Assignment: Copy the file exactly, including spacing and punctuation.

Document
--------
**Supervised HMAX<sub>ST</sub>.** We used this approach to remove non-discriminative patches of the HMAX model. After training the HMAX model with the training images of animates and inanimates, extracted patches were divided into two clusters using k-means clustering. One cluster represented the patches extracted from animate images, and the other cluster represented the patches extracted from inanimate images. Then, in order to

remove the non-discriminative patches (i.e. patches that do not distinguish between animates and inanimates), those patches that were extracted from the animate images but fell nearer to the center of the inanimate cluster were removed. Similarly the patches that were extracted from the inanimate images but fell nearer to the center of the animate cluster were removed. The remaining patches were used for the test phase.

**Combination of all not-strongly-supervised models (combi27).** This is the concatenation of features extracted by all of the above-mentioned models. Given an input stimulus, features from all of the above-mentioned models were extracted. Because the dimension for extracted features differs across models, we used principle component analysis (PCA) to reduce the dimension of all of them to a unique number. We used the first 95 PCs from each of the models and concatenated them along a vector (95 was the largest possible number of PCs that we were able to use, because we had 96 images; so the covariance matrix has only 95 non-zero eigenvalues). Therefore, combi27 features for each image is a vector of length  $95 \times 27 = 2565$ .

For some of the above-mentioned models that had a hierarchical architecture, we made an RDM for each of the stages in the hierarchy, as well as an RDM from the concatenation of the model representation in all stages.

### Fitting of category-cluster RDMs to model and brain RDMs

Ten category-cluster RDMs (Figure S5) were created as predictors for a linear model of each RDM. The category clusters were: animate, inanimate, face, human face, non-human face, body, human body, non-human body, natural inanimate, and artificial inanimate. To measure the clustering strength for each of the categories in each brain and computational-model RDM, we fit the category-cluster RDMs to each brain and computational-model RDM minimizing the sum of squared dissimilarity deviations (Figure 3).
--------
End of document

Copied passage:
**Supervised HMAX<sub>ST</sub>.** We used this approach to remove non-discriminative patches of the HMAX model. After training the HMAX model with the training images of animates and inanimates, extracted patches were divided into two clusters using k-means clustering. One cluster represented the patches extracted from animate images, and the other cluster represented the patches extracted from inanimate images. Then, in order to

remove the non-discriminative patches (i.e. patches that do not distinguish between animates and inanimates), those patches that were extracted from the animate images but fell nearer to the center of the inanimate cluster were removed. Similarly the patches that were extracted from the inanimate images but fell nearer to the center of the animate cluster were removed. The remaining patches were used for the test phase.

**Combination of all not-strongly-supervised models (combi27).** This is the concatenation of features extracted by all of the above-mentioned models. Given an input stimulus, features from all of the above-mentioned models were extracted. Because the dimension for extracted features differs across models, we used principle component analysis (PCA) to reduce the dimension of all of them to a unique number. We used the first 95 PCs from each of the models and concatenated them along a vector (95 was the largest possible number of PCs that we were able to use, because we had 96 images; so the covariance matrix has only 95 non-zero eigenvalues). Therefore, combi27 features for each image is a vector of length  $95 \times 27 = 2565$ .

For some of the above-mentioned models that had a hierarchical architecture, we made an RDM for each of the stages in the hierarchy, as well as an RDM from the concatenation of the model representation in all stages.

### Fitting of category-cluster RDMs to model and brain RDMs

Ten category-cluster RDMs (Figure S5) were created as predictors for a linear model of each RDM. The category clusters were: animate, inanimate, face, human face, non-human face, body, human body, non-human body, natural inanimate, and artificial inanimate. To measure the clustering strength for each of the categories in each brain and computational-model RDM, we fit the category-cluster RDMs to each brain and computational-model RDM minimizing the sum of squared dissimilarity deviations (Figure 3).